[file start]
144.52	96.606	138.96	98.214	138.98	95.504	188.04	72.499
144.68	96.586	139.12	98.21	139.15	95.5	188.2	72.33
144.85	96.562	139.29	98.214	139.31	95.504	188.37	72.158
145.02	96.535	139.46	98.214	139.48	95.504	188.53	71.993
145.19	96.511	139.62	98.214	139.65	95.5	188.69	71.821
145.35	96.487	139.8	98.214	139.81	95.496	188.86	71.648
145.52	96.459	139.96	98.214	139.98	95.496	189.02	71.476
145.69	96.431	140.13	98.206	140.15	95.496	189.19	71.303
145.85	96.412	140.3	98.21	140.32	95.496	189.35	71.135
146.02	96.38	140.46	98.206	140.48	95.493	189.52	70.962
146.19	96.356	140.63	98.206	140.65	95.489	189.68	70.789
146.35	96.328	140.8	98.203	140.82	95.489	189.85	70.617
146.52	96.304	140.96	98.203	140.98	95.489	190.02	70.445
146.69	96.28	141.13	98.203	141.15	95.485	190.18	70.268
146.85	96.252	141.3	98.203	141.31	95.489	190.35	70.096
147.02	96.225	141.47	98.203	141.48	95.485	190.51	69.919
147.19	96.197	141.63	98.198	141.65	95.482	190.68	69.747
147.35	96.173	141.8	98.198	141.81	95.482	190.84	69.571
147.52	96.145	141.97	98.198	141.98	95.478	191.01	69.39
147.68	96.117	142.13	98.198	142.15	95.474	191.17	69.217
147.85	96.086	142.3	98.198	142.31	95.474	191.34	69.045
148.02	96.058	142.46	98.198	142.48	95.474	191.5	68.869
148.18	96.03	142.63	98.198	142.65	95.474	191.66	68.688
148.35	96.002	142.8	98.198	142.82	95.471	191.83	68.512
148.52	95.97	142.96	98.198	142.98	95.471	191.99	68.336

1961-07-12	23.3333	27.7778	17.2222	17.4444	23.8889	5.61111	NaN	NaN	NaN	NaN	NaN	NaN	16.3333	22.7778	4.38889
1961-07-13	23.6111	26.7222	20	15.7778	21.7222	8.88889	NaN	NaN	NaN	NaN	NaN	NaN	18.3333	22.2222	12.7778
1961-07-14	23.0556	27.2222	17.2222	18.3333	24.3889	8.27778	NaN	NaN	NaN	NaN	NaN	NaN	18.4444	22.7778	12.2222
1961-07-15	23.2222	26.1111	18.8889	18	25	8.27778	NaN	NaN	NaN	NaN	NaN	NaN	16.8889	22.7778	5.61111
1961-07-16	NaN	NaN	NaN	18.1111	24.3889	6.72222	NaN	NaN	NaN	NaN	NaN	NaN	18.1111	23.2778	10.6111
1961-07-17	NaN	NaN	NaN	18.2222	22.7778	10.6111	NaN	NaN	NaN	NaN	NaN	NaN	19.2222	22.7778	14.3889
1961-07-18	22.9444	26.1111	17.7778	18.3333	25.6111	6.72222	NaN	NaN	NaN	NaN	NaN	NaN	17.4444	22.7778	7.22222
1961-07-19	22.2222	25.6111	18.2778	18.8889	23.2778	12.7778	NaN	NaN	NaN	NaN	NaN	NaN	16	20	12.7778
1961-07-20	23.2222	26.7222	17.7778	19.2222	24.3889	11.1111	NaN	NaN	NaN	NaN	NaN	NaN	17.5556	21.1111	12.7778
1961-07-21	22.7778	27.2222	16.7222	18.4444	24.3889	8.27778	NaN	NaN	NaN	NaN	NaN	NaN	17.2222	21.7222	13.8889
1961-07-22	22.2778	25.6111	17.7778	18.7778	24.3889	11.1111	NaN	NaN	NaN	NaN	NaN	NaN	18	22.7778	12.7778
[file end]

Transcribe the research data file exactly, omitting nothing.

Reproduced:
144.52	96.606	138.96	98.214	138.98	95.504	188.04	72.499
144.68	96.586	139.12	98.21	139.15	95.5	188.2	72.33
144.85	96.562	139.29	98.214	139.31	95.504	188.37	72.158
145.02	96.535	139.46	98.214	139.48	95.504	188.53	71.993
145.19	96.511	139.62	98.214	139.65	95.5	188.69	71.821
145.35	96.487	139.8	98.214	139.81	95.496	188.86	71.648
145.52	96.459	139.96	98.214	139.98	95.496	189.02	71.476
145.69	96.431	140.13	98.206	140.15	95.496	189.19	71.303
145.85	96.412	140.3	98.21	140.32	95.496	189.35	71.135
146.02	96.38	140.46	98.206	140.48	95.493	189.52	70.962
146.19	96.356	140.63	98.206	140.65	95.489	189.68	70.789
146.35	96.328	140.8	98.203	140.82	95.489	189.85	70.617
146.52	96.304	140.96	98.203	140.98	95.489	190.02	70.445
146.69	96.28	141.13	98.203	141.15	95.485	190.18	70.268
146.85	96.252	141.3	98.203	141.31	95.489	190.35	70.096
147.02	96.225	141.47	98.203	141.48	95.485	190.51	69.919
147.19	96.197	141.63	98.198	141.65	95.482	190.68	69.747
147.35	96.173	141.8	98.198	141.81	95.482	190.84	69.571
147.52	96.145	141.97	98.198	141.98	95.478	191.01	69.39
147.68	96.117	142.13	98.198	142.15	95.474	191.17	69.217
147.85	96.086	142.3	98.198	142.31	95.474	191.34	69.045
148.02	96.058	142.46	98.198	142.48	95.474	191.5	68.869
148.18	96.03	142.63	98.198	142.65	95.474	191.66	68.688
148.35	96.002	142.8	98.198	142.82	95.471	191.83	68.512
148.52	95.97	142.96	98.198	142.98	95.471	191.99	68.336

1961-07-12	23.3333	27.7778	17.2222	17.4444	23.8889	5.61111	NaN	NaN	NaN	NaN	NaN	NaN	16.3333	22.7778	4.38889
1961-07-13	23.6111	26.7222	20	15.7778	21.7222	8.88889	NaN	NaN	NaN	NaN	NaN	NaN	18.3333	22.2222	12.7778
1961-07-14	23.0556	27.2222	17.2222	18.3333	24.3889	8.27778	NaN	NaN	NaN	NaN	NaN	NaN	18.4444	22.7778	12.2222
1961-07-15	23.2222	26.1111	18.8889	18	25	8.27778	NaN	NaN	NaN	NaN	NaN	NaN	16.8889	22.7778	5.61111
1961-07-16	NaN	NaN	NaN	18.1111	24.3889	6.72222	NaN	NaN	NaN	NaN	NaN	NaN	18.1111	23.2778	10.6111
1961-07-17	NaN	NaN	NaN	18.2222	22.7778	10.6111	NaN	NaN	NaN	NaN	NaN	NaN	19.2222	22.7778	14.3889
1961-07-18	22.9444	26.1111	17.7778	18.3333	25.6111	6.72222	NaN	NaN	NaN	NaN	NaN	NaN	17.4444	22.7778	7.22222
1961-07-19	22.2222	25.6111	18.2778	18.8889	23.2778	12.7778	NaN	NaN	NaN	NaN	NaN	NaN	16	20	12.7778
1961-07-20	23.2222	26.7222	17.7778	19.2222	24.3889	11.1111	NaN	NaN	NaN	NaN	NaN	NaN	17.5556	21.1111	12.7778
1961-07-21	22.7778	27.2222	16.7222	18.4444	24.3889	8.27778	NaN	NaN	NaN	NaN	NaN	NaN	17.2222	21.7222	13.8889
1961-07-22	22.2778	25.6111	17.7778	18.7778	24.3889	11.1111	NaN	NaN	NaN	NaN	NaN	NaN	18	22.7778	12.7778